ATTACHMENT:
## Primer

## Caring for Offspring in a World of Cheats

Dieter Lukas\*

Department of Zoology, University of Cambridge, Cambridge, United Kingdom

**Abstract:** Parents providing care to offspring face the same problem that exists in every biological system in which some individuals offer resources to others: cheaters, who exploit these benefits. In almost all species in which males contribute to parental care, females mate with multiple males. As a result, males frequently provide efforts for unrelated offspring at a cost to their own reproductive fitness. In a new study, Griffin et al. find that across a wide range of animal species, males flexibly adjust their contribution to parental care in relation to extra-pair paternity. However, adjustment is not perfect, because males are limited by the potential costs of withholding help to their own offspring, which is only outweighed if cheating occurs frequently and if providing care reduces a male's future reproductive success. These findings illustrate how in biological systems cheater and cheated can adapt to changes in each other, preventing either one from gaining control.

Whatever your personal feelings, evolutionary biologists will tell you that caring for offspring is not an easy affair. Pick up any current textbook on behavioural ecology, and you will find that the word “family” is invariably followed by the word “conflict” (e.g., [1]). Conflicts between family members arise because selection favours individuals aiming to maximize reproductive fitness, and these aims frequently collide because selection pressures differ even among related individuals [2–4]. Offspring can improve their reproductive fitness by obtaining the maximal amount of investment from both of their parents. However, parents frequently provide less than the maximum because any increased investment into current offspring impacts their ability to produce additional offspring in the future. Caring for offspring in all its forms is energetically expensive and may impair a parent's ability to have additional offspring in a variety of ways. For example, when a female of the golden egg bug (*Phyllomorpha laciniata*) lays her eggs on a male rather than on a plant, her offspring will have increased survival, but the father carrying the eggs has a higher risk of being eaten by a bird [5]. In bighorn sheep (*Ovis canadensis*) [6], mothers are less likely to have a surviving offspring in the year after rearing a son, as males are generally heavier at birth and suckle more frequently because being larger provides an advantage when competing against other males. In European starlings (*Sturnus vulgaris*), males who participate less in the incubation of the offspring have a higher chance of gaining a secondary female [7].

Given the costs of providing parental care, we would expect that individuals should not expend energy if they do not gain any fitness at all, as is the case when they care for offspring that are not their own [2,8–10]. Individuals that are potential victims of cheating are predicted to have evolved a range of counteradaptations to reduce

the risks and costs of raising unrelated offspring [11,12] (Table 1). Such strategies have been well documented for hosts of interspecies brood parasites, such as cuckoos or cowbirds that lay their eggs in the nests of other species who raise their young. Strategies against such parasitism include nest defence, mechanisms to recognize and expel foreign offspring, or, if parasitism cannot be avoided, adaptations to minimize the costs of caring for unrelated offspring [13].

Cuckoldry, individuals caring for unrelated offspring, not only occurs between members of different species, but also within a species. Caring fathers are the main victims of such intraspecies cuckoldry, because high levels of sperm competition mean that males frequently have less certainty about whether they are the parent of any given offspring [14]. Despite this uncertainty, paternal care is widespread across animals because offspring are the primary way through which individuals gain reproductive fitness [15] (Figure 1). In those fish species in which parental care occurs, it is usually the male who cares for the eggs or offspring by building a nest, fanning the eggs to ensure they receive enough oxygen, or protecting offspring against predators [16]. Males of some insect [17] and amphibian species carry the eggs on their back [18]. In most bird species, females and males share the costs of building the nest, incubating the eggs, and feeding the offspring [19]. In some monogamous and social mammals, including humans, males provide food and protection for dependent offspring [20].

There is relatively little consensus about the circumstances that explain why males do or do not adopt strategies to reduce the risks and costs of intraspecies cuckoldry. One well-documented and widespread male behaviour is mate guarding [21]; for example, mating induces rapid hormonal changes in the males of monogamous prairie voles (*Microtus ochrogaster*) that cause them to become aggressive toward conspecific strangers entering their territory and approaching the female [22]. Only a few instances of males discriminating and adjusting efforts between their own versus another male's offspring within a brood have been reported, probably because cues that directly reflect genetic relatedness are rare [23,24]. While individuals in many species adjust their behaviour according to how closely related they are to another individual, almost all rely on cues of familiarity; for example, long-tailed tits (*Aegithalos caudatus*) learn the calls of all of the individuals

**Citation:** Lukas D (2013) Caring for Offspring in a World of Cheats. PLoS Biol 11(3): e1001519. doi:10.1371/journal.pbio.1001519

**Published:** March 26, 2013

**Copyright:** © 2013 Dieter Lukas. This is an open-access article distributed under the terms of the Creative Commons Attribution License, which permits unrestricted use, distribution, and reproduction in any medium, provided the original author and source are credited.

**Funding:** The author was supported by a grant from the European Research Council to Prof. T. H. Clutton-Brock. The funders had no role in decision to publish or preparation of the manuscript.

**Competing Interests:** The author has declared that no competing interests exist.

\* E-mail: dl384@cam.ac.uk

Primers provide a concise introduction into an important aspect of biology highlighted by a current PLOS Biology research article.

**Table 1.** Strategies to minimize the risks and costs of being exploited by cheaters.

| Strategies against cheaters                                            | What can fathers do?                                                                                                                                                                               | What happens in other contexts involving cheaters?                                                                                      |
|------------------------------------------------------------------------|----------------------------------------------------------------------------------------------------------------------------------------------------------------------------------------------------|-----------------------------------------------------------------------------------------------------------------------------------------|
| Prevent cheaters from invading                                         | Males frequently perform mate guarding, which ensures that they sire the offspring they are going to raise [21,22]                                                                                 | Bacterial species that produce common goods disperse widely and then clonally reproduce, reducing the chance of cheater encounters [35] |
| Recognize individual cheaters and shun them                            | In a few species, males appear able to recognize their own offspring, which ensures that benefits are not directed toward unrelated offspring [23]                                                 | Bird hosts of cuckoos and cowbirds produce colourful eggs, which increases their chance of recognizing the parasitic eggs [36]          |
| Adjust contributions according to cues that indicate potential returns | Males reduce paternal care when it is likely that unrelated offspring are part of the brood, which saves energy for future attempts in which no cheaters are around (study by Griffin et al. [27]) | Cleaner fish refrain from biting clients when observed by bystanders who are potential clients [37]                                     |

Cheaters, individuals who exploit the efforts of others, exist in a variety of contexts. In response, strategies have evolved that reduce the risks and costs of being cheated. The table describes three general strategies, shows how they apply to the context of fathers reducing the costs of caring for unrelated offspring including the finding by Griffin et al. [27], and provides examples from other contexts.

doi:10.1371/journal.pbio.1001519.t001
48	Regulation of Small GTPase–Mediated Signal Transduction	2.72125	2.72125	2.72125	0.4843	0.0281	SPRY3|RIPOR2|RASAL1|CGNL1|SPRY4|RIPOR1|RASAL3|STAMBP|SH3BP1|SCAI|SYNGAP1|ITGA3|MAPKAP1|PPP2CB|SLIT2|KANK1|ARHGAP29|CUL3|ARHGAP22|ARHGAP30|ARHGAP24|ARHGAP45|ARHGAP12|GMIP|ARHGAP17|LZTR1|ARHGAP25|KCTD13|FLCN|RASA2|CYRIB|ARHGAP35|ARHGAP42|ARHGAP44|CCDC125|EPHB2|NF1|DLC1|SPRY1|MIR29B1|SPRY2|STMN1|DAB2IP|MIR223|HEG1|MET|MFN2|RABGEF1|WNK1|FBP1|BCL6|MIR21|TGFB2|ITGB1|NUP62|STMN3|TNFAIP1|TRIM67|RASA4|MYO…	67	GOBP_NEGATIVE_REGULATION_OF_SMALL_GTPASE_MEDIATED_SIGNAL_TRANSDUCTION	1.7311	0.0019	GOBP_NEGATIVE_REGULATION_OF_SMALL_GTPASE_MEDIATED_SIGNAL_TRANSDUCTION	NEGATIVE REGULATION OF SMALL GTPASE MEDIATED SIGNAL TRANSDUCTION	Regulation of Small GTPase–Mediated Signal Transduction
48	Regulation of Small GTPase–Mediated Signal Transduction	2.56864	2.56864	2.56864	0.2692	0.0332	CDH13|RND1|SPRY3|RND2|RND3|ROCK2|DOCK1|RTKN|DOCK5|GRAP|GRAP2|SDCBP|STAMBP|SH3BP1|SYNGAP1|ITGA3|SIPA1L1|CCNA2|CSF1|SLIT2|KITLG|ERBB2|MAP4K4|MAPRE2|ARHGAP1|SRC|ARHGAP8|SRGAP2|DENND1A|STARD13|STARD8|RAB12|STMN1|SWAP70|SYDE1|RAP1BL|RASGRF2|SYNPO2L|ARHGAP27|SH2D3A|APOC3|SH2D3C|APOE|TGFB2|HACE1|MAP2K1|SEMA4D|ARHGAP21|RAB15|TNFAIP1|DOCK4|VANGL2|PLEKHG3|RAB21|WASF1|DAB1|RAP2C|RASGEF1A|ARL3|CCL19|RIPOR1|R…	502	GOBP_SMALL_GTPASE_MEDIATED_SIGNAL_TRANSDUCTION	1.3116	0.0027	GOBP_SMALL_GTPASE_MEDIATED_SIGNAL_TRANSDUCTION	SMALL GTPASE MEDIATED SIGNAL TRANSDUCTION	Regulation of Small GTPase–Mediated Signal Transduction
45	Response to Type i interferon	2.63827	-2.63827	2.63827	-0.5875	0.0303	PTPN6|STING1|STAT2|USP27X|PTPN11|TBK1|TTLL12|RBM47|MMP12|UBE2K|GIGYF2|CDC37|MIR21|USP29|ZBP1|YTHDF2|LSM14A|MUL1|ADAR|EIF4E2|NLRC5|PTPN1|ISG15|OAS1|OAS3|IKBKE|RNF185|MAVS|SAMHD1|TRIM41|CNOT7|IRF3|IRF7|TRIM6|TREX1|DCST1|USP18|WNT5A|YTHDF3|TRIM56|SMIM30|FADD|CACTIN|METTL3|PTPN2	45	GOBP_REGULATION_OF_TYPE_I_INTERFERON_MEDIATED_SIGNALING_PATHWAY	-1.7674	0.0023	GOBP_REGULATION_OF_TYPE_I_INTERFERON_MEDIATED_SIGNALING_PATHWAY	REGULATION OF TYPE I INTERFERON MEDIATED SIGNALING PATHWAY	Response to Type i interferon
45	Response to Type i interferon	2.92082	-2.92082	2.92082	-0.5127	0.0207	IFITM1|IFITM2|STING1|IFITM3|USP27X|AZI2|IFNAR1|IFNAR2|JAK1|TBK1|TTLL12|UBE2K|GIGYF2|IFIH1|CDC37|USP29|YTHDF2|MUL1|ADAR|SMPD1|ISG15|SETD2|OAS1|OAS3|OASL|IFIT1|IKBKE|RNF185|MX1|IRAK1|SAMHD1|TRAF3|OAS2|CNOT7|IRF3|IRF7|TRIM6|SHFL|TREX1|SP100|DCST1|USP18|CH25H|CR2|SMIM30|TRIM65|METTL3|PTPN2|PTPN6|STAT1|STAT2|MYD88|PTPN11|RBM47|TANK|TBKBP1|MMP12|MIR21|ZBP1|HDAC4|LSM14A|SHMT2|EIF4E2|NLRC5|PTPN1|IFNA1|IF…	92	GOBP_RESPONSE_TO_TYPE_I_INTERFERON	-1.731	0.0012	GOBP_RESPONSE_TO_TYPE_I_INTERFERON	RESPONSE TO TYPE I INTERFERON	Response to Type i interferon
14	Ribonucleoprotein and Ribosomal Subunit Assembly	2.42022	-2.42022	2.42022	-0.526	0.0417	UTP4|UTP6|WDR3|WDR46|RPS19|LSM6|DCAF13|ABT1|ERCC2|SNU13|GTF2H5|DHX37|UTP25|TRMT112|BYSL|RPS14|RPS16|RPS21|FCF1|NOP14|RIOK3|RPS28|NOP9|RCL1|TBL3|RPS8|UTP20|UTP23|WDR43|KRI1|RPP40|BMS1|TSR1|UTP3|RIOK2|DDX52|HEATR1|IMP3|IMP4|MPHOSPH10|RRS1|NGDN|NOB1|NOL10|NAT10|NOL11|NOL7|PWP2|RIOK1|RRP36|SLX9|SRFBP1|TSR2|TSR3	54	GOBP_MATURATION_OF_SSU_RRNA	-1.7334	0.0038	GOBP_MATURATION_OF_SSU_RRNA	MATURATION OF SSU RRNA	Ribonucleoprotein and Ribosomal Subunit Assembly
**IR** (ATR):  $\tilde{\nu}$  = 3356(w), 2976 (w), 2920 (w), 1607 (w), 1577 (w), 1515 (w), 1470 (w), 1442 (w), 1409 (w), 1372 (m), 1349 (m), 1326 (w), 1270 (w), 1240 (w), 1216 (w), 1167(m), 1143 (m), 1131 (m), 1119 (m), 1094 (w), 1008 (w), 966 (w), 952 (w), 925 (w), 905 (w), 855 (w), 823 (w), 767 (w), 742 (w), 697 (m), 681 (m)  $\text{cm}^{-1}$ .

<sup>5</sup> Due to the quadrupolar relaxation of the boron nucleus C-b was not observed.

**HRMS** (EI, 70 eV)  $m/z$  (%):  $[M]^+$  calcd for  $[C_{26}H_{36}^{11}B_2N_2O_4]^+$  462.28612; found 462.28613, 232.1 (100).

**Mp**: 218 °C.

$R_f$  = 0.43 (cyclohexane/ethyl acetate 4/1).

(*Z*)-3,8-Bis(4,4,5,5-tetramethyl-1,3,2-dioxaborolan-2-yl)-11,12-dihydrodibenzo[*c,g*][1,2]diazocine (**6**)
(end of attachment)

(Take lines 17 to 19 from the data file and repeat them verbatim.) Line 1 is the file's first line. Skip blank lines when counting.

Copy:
Primers provide a concise introduction into an important aspect of biology highlighted by a current PLOS Biology research article.

**Table 1.** Strategies to minimize the risks and costs of being exploited by cheaters.

| Strategies against cheaters                                            | What can fathers do?                                                                                                                                                                               | What happens in other contexts involving cheaters?                                                                                      |